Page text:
My first time playing Overwatch was astounding to me for two reasons: first, for the sheer amount of onscreen information I was asked to digest at any given moment, the bullet tracers and grenade explosions, the bright blossoming energy shields and walls of ice that were sometimes mysteriously erected and then shattered, plus the head-up display overlaying various timers and health bars and glowing mission objectives, and sometimes floating yellow plus-sign things (which I eventually figured out meant I was getting healed by someone, somehow), plus all the pretty little environmental details like streetlamps that flicker a bit of lens flare onto your screen when you accidentally aim at them, the wooden chairs that splinter and the wine bottles that shatter when they take stray fire, not to mention the outlines of your teammates and all the enemy players who (for reasons that will become clear momentarily) tend to jump around constantly, spasmodically, almost insectoidally—all of this happening at the same time in a way that felt not only disorienting, not only mentally taxing, but more like New York City air-traffic-control-level overwhelming.
The second thing I was astounded by was the number of times I died.
It was a little surprising to me how quickly, simply, and even sort of eagerly my character bit it. I was playing a hero called Reaper, whose whole basic deal is to be an updated videogame version of the Undertaker character from WWF wrestling, circa-1990s, but with guns—a pair of shotguns that, instead of reloading, he tosses to the ground and replaces by grabbing two new ones from under the folds of his black overcoat. I’m running to get into place with my teammates, wondering what exactly I’m supposed to be doing, and also idly wondering how many shotguns Reaper can hide under that coat. (The answer, it turns out, is infinite. Infinite shotguns. He never runs out. Just go with it.) Suddenly a firefight erupts ahead of me and I run up to aid my companions and promptly get killed. Swiftly and abruptly and bewilderingly, I am dead. I have no idea why. This is when I am introduced to the kill cam.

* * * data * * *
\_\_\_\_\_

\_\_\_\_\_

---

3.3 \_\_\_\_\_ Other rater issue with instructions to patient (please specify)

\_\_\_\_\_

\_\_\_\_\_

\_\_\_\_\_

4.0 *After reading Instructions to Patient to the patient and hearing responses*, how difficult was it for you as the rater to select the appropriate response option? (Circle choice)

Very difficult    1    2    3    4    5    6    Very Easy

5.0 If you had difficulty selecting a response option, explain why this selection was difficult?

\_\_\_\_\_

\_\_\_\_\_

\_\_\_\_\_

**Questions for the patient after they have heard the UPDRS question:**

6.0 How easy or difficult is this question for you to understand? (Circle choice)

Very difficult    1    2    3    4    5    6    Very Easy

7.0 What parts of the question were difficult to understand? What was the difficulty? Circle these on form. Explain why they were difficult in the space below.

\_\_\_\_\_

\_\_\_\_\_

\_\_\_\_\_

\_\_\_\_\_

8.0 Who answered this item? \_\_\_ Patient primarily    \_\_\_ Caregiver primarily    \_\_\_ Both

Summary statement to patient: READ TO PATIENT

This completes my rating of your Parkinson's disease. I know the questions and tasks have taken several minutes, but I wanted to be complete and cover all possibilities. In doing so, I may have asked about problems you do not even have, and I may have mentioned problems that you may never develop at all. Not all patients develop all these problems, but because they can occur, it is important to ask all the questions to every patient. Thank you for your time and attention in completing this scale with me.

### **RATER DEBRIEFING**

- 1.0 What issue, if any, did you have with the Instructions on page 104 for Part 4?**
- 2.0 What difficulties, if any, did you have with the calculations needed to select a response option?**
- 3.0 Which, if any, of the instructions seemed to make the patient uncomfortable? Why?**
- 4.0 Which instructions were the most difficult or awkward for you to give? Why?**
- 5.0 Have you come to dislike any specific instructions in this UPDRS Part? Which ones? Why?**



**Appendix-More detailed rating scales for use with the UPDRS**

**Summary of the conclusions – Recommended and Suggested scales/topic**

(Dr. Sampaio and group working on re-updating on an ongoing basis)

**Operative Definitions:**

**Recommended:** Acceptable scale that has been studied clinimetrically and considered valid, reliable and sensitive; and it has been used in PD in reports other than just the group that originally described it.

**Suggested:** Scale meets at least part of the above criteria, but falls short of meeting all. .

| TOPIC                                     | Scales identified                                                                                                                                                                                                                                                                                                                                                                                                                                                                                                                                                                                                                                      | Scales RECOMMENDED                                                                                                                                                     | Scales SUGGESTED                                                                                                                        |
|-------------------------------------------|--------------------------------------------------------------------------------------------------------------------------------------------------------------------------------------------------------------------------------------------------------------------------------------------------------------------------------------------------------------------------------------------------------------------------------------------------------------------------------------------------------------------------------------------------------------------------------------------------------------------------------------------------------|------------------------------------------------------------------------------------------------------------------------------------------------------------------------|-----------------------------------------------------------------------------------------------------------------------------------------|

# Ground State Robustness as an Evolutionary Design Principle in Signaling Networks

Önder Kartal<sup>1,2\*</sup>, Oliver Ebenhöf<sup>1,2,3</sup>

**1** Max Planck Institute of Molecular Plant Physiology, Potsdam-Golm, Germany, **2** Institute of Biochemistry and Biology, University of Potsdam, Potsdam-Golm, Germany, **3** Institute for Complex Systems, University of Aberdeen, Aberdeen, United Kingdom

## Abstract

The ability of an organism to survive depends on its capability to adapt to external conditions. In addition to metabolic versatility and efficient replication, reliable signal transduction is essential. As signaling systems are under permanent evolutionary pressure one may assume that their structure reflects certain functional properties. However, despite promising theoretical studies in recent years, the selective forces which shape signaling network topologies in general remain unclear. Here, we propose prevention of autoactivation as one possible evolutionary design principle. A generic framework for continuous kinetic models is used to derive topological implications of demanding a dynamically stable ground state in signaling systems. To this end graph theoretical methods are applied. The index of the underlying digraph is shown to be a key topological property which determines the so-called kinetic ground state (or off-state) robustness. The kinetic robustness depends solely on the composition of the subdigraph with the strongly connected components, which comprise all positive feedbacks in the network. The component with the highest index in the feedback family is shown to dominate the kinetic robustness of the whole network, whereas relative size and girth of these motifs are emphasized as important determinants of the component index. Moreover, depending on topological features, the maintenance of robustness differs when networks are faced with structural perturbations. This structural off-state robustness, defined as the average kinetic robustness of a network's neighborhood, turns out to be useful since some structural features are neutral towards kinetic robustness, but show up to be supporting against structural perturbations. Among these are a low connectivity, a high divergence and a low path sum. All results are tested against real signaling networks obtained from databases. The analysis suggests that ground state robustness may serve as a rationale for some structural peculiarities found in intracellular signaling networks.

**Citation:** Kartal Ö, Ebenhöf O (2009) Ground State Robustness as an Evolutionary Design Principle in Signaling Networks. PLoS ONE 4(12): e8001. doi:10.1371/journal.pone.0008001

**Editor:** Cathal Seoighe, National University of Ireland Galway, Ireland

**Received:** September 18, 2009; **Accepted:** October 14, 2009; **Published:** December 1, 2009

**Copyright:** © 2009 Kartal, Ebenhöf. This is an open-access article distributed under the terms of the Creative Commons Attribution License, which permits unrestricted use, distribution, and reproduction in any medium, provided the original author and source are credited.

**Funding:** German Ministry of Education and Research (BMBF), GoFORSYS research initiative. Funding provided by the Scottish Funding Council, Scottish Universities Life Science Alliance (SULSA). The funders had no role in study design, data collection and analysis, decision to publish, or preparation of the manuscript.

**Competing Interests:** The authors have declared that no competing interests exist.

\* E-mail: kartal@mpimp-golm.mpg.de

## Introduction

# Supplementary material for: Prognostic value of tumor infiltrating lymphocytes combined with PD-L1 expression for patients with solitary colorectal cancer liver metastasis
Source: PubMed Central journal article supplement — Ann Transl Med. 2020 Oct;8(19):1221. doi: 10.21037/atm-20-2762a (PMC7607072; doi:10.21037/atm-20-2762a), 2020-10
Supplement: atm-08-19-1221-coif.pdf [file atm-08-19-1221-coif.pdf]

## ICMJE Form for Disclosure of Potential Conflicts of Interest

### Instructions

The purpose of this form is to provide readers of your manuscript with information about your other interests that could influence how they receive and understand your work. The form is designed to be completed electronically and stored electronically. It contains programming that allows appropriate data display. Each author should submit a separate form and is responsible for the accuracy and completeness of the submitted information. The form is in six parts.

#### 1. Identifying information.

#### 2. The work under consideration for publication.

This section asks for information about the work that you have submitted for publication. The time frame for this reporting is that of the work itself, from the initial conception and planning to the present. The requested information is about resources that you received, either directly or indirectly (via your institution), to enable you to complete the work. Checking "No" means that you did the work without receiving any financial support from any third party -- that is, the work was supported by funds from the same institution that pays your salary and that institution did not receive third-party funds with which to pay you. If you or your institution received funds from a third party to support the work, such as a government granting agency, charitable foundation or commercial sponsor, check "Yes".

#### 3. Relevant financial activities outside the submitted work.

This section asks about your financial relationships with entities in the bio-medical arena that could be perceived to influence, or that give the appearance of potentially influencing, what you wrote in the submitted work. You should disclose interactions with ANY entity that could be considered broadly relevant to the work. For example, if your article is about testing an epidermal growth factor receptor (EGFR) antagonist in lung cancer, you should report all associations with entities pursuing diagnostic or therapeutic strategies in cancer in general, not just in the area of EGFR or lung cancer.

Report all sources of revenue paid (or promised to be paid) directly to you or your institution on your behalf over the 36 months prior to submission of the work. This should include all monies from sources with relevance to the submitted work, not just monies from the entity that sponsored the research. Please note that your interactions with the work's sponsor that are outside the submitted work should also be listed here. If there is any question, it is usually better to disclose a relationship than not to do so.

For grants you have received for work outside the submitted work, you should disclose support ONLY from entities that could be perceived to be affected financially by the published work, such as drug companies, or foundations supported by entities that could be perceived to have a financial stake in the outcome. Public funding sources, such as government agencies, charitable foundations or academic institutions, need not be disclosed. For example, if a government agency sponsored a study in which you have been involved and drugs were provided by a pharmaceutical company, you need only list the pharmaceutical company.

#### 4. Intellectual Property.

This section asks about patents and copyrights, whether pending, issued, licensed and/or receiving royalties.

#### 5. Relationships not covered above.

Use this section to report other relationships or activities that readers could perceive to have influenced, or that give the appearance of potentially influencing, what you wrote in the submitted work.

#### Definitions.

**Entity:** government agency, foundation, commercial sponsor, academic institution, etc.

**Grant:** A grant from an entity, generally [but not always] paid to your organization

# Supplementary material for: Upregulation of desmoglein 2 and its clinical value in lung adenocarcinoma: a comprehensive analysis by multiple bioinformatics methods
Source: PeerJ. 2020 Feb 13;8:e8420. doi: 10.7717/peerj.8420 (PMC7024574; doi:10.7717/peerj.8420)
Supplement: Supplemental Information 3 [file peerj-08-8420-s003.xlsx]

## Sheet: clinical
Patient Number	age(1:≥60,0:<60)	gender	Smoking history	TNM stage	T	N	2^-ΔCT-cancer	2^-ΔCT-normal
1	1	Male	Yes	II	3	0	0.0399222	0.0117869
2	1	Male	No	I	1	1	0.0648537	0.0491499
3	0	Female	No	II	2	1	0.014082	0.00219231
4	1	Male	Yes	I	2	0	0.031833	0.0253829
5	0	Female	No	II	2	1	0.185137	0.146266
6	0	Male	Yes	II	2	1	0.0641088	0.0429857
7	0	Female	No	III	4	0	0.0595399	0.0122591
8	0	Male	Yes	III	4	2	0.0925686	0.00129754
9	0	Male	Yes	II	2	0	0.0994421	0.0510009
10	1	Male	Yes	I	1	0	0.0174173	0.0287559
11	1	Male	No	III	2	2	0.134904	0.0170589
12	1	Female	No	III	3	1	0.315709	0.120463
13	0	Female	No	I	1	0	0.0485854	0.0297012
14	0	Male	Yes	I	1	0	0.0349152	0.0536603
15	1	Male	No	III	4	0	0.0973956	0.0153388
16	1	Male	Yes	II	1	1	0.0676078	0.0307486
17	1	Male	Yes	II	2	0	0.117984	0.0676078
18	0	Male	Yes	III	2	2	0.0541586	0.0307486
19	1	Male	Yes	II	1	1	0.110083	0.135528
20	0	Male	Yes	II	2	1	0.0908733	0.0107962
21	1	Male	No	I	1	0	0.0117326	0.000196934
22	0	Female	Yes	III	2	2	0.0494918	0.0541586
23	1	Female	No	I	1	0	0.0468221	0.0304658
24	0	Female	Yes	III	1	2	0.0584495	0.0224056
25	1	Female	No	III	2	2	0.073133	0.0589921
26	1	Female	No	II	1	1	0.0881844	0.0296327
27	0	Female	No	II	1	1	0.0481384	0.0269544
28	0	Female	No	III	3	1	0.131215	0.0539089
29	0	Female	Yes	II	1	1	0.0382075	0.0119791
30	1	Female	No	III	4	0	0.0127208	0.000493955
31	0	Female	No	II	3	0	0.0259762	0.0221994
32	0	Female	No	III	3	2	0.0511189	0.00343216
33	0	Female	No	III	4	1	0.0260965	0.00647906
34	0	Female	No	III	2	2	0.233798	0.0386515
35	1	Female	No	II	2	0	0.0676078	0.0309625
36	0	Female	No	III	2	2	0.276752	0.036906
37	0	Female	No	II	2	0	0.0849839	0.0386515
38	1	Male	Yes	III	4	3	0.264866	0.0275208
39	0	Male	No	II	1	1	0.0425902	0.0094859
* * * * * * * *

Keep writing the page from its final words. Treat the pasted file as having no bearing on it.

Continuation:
Let me tell you about the cruelty of the kill cam.
After you die in Overwatch and the camera pans back to show your now lifeless corpse on the ground, you endure the kill cam, which shows you what you looked like and what you were doing the moment before you were killed, from the perspective of your killer. It’s like being able to watch your own face while getting dumped. As I died over and over, I would be treated anew to kill-cam footage showing just how long someone had me in their sights, how many shots they took before I even noticed, how I just stood there and sort of spun in place, dumbly looking around while my killer patiently picked me off. According to the game’s developers, the kill cam’s primary function is not actually sadistic, but educational. The kill cam says: This is how you were killed, so how about avoiding that in the future, eh?